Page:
I spent 35 years in civil service as an aerospace engineer and engineering manager (with the Navy and NASA) and have spent the last 7 years teaching part time at a local university. Academia is also a very different world than civil service! I am thoroughly enjoying teaching undergraduates.

  5. Hello Mr. Hale,
    I’m sure a lot of readers here where around when NASA was flying the Apollo missions…and some just caught the space fever with the STS program, but what we should always do is try to teach the youngsters growing up now…during holidays when the small children are here, I tell to them all the stories I can, to try and install some Love of the Cosmos in them. I believe your Blogs should be read by every science class..Thank You Mr. Hale

  6. jccooper says:

    I’m not sure openness was what got Armadillo. They moved away from their highly-open policy well before the end, to support contracting work, which they’d eventually abandon. The end seems to have been more a matter of strategy and hands-off management, “creeping professionalism”, and technical failure colliding with lack of capital.

    What I’d love to know from Wayne, in the spirit of openness, at least on the government side, is how the “government works internally, about what the government leadership wants, etc”. And what theories about it industry has developed and why they’re wrong. Without naming names, if necessary.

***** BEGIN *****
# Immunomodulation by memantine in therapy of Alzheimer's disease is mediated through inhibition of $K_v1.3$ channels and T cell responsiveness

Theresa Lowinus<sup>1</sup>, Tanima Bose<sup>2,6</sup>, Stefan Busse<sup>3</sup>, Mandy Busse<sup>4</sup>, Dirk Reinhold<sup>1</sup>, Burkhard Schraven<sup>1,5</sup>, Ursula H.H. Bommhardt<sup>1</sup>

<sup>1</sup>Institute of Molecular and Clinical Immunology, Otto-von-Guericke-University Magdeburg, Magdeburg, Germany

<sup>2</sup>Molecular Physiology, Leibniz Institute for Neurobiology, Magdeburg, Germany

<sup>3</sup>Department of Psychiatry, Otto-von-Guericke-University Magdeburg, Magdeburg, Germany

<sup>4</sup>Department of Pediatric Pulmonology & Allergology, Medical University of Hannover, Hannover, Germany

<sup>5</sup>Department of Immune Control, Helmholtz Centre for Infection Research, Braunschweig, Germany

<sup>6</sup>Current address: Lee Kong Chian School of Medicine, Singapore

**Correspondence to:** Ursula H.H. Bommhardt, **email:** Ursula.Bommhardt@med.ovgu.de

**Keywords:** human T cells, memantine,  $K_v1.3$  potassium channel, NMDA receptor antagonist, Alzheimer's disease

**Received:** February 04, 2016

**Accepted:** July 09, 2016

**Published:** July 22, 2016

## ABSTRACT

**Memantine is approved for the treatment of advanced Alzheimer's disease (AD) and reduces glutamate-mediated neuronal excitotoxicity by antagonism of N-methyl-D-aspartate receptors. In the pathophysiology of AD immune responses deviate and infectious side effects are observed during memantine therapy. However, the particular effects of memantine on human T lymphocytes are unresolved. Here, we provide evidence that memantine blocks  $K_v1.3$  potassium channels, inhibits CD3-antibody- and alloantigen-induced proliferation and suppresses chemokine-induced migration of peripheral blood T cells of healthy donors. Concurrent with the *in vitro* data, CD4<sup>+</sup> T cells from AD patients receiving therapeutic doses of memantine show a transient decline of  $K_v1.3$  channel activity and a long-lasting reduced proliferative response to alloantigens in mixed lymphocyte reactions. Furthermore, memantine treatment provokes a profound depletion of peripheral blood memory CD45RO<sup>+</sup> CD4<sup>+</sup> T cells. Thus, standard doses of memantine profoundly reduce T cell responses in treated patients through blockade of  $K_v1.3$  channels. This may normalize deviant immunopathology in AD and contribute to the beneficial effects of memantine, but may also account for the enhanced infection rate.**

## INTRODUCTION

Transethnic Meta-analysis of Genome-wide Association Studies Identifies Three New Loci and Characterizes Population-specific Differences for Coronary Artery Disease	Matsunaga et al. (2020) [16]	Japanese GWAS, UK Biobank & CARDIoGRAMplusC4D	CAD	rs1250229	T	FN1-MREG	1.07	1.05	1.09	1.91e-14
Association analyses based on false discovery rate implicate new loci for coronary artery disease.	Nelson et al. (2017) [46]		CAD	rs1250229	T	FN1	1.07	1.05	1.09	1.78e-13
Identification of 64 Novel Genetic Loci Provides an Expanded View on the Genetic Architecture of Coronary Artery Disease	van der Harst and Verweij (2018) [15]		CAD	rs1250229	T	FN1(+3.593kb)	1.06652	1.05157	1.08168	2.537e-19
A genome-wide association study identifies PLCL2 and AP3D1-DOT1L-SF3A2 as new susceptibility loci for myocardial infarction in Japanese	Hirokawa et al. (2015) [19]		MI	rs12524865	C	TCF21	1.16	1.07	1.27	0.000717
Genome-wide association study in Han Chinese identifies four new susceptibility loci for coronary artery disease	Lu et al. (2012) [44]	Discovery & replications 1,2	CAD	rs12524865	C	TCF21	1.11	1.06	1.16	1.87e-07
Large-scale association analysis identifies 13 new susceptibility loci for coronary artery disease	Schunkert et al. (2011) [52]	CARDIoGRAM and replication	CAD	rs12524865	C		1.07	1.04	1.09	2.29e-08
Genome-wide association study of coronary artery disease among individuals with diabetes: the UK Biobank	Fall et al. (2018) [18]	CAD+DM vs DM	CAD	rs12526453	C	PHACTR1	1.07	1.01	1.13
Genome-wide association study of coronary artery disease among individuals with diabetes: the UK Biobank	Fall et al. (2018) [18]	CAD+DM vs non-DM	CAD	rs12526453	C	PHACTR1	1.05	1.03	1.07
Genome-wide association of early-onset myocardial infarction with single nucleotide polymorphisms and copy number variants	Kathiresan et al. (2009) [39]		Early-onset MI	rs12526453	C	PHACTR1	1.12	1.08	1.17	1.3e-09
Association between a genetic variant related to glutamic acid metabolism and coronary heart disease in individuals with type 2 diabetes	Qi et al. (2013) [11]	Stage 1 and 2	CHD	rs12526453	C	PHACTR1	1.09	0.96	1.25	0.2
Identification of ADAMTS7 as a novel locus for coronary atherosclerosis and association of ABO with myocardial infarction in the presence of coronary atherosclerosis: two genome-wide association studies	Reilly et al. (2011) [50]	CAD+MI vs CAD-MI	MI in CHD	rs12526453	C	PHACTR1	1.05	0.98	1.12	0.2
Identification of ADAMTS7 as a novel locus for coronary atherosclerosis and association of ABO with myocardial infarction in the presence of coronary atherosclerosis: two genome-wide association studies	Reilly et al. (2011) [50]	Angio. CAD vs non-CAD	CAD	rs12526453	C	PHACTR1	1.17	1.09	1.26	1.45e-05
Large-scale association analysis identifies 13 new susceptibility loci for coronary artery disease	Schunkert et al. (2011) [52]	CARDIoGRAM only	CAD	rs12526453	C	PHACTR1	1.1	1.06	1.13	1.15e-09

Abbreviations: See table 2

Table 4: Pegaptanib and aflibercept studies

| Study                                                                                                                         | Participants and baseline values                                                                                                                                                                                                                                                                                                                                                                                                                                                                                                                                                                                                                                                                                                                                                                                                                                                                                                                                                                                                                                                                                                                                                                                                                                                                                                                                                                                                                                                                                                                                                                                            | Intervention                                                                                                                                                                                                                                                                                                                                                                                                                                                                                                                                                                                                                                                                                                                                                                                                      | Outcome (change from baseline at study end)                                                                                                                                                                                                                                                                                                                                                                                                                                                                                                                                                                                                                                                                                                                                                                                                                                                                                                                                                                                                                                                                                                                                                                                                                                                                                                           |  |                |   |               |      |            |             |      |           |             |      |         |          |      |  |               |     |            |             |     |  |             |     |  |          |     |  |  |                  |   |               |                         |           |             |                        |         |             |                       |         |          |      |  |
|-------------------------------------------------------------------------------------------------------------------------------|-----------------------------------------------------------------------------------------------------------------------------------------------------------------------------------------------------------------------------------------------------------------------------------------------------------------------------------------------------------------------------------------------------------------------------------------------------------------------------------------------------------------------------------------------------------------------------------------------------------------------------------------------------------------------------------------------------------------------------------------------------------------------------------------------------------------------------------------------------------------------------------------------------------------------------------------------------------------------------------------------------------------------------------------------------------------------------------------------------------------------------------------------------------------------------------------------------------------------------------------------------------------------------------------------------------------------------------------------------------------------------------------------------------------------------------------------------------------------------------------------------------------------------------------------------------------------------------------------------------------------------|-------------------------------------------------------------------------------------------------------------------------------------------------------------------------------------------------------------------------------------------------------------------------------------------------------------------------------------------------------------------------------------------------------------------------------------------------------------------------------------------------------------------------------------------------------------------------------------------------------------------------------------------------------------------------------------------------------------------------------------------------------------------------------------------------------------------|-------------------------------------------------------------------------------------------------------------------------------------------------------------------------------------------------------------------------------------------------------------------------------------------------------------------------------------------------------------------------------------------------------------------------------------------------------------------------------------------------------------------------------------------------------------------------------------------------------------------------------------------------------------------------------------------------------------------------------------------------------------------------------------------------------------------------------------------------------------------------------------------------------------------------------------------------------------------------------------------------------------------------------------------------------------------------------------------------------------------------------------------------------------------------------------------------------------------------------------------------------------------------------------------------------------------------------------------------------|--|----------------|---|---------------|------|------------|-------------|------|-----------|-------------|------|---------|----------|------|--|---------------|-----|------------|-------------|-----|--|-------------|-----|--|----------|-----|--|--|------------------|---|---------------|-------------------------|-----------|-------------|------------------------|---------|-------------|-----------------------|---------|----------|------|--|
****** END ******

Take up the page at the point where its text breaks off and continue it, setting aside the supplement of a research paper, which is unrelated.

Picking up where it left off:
• Mike Fair says:

      I second that request. Surely some of the most common misconceptions can be explained without giving away who has them and why. And more importantly, the correct interpretations could be explained without disclosure.
      If only you had the time to write. Need an experienced intern?

  7. Beth says:

    An awesome post, to read an upbeat view of the Space program as it is today! Thank you for confirming what I suspected, that we want to travel to space, and will get there.

  8. Robert Clark says:

    Thanks for the informative post.

    Bob Clark

  9. I’m a layman here, but even judging from what’s known to the general public it seems clear that we are in the early stages of an exciting new era of space travel – I have no trouble believing that it will be “amazing”. So my question for Wayne and the industry and government insiders writing in the comments is:

    Where are the gaps?

    That is to say, what are the important capabilities or technologies that we ought to be developing for the short and medium-term that nobody is really putting any effort into, and how important are they?

  10. Tony Jobusch says:

    Wayne, its been too long since we heard from you here!!! Almost 46 years since that summer day day in July 1969. Great time to check in….